In the wake of the newest fire, Munthali revealed: “We have been lobbying the council for a better market for years.”
Minister of Local Government and Rural Development Kondwani Nankhumwa describes the Mzuzu scenario as painful, cruel and as criminal as murder.
“It’s hard to understand why the market is being subjected to this tragedy. Without conclusively pointing a finger at anyone, let me warn that if there is someone sabotaging the market then this time around the long arm of the law will catch up with them soon,” he warns. He is not alone in conjuring up conspiracy theories.
Also suspecting foul play is Minister of Information, Tourism and Civic Education Jappi Mhango. But the main losers—the vendors—seem sick and tired of the talk show. They want the tragic mystery solved once and for all.
They may never get to know the real cause of fire, but nearly all of them seem to agree with Munthali that theirs is no natural tragedy.
“We usually blame electrical faults or unattended mbaula [charcoal burners], but there were no electrical installations and restaurants on the worst area,” the vendors’ leader says. The traders suspect the fire was first sighted in a shop that stocks sacks.
However, the suspicion is spreading along with two conspiracy theories. First, a feeling is gaining sway that when the going gets tough, some ill-minded traders resort to burning markets as a way to ask banks, microfinance institutions and other credit organisations for debt relief or extended repayment duration.
The burning issue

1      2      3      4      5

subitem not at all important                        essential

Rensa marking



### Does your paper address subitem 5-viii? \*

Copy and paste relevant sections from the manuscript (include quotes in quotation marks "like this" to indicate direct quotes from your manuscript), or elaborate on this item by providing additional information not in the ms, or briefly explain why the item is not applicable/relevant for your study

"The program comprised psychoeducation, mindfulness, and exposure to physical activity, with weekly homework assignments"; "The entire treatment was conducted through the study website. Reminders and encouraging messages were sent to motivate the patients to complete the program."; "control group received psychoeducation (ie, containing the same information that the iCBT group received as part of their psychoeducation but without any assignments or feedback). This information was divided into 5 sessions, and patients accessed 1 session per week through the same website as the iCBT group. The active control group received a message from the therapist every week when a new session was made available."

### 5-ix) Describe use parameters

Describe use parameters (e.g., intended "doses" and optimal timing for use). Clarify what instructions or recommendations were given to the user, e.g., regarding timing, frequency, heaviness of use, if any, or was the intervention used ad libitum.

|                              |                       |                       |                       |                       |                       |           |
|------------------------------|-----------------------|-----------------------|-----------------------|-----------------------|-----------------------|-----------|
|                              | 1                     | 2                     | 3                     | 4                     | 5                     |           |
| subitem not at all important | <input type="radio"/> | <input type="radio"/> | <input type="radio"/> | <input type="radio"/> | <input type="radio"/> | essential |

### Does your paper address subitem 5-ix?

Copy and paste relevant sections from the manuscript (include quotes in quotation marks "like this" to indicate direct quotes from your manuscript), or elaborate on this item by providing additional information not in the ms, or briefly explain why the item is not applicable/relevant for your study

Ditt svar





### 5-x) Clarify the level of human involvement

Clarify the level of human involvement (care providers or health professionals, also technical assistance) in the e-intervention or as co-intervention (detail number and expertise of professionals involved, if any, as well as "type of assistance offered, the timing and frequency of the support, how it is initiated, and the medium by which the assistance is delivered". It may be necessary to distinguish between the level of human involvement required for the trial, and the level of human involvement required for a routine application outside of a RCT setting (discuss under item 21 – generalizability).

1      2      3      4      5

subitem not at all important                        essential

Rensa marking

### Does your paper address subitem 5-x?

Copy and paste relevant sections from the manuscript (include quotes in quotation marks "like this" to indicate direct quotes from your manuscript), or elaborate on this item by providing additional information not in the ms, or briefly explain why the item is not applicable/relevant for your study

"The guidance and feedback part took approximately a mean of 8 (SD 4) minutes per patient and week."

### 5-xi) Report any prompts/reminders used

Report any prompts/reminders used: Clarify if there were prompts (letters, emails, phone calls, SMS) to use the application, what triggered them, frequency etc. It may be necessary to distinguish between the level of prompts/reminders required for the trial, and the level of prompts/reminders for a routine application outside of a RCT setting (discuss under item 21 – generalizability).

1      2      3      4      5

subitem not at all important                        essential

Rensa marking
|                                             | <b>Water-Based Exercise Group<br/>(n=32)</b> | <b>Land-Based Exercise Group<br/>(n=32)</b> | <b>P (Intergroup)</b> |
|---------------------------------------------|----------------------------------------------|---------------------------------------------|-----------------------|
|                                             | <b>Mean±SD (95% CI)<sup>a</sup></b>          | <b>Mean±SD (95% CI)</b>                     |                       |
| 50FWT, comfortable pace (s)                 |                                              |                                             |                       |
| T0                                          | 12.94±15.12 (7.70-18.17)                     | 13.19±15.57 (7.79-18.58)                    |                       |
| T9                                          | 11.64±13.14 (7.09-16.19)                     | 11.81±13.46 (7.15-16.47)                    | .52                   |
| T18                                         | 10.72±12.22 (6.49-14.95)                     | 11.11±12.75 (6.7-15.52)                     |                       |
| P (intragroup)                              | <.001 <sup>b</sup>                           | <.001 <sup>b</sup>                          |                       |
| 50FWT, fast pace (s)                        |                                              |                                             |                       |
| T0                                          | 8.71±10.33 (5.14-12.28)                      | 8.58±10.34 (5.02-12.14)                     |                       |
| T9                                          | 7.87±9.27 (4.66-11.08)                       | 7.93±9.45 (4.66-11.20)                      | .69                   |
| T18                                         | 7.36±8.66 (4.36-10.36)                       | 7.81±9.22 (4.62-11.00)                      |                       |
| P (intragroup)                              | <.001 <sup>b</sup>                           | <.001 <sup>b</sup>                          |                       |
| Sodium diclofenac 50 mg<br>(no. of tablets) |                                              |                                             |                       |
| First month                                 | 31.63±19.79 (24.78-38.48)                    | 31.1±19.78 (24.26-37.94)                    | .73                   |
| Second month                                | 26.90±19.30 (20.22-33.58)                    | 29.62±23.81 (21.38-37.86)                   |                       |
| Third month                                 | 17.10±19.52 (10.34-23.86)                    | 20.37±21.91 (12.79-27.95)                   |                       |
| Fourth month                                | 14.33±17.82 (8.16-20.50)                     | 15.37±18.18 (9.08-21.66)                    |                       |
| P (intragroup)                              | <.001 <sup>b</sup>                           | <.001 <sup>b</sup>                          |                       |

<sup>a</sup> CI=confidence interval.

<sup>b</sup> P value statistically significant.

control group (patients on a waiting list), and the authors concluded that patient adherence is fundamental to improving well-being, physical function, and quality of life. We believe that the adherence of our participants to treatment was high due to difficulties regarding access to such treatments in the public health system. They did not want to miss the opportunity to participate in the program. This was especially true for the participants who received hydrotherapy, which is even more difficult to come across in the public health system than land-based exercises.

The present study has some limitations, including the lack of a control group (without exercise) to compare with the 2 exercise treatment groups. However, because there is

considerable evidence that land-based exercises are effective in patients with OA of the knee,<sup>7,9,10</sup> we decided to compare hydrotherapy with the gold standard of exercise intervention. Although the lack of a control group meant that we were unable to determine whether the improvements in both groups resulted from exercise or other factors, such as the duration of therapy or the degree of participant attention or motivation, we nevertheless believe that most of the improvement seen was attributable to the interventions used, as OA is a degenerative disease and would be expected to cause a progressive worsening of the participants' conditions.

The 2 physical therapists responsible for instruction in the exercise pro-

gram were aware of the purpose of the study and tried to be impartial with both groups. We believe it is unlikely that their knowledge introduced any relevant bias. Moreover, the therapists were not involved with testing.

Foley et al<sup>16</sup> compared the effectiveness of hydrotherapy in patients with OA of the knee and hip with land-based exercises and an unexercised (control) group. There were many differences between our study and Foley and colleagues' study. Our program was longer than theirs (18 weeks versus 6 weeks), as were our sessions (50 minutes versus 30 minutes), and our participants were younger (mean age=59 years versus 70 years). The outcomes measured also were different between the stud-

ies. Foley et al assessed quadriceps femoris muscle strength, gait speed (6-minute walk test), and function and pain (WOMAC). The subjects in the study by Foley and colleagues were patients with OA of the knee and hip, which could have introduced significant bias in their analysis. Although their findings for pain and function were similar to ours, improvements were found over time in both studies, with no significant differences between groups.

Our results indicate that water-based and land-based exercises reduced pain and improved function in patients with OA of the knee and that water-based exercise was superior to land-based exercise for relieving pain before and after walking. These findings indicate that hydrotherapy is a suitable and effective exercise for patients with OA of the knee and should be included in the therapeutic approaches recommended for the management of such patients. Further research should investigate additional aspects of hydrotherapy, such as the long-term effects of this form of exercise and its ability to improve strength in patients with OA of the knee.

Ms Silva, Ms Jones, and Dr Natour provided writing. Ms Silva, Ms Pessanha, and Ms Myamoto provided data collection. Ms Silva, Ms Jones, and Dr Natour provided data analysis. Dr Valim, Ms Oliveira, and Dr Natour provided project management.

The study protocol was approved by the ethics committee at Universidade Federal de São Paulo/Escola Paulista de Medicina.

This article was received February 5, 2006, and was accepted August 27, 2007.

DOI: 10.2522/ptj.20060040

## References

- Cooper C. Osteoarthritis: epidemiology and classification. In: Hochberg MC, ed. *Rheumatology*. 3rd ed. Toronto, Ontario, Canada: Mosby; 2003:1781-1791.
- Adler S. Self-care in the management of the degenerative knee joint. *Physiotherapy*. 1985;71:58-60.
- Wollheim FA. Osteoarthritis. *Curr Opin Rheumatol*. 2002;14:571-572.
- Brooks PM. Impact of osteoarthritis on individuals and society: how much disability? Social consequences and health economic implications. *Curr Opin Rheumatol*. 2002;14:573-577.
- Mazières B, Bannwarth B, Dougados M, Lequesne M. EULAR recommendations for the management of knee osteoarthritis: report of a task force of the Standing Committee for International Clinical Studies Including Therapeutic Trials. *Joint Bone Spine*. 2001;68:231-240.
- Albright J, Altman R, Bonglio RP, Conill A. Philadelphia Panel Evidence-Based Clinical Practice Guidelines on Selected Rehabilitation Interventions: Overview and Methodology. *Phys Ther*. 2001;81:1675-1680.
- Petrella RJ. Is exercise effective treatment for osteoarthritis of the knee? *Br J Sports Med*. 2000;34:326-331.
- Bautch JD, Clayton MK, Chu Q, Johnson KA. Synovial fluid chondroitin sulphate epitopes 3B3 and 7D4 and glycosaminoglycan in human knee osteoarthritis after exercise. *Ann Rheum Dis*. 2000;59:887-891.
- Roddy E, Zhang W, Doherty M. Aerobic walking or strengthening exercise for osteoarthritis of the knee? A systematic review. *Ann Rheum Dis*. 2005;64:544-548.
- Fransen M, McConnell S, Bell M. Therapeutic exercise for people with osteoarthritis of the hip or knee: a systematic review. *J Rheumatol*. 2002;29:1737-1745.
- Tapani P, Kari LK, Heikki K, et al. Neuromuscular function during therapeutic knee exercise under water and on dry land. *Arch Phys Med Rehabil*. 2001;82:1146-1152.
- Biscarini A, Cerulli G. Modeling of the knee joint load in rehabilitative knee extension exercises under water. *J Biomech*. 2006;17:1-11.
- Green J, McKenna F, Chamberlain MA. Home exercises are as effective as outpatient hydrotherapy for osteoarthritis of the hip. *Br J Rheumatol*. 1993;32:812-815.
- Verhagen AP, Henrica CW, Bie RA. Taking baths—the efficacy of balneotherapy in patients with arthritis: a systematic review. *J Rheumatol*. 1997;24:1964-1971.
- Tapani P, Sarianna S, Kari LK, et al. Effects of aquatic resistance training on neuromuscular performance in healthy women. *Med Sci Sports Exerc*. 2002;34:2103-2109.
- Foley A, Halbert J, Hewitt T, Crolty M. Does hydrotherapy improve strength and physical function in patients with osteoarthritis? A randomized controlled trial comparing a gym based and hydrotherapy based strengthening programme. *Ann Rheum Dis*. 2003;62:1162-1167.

As the wait for the incredible figures continues, a counterview is lingering that the council and its associates need not look far for answers. For this school of thought, Mzuzu, just like most markets nationwide, has long been an accident waiting to happen. They argue the affected spot offered students of town planning limitless lessons about nearly everything not to do when designing resilient cities and marketplaces.
In the beginning, the setting crammed with shacks that went up in smoke was set aside as a car park for the central market. The brains at the city council did not just sit aside and watch as the vendors encroached and fashioned their structures with materials that fuel fire.
Dos and don’ts
When disaster struck, the messy structures acted as one vast bridge for the escalating flames as they leapt from the overcrowded spot to the upper deck of the high-rise business premises where firefighters struggled in vain to put out the inferno.
“Frequent fires and failure to save invaluable property on time erode investors trust and interest in the city,” one of the affected investors said.
During a visit to the hugely devastated Chambo Building, business had come to a standstill on the ground floors which was almost unscathed by the fire. Sun Bin Enterprise remained padlocked for days while some Chinese nationals were seen hauling away goods Jian Fen Supermarket in readiness for its closure.
In the neighbouring Ayesha building, where shops belonging to General Insurance, Bible Society of Malawi, Lords Best Collection, Azim and other enterprises were consumed, workers were seen clearing the mess amid fears of job insecurity.
As the city supremos return to the drawing board to plot the way back to sanity, Zakeyo and other concerned vendors want them to put markets in order to safeguard lives and goods from avoidable losses.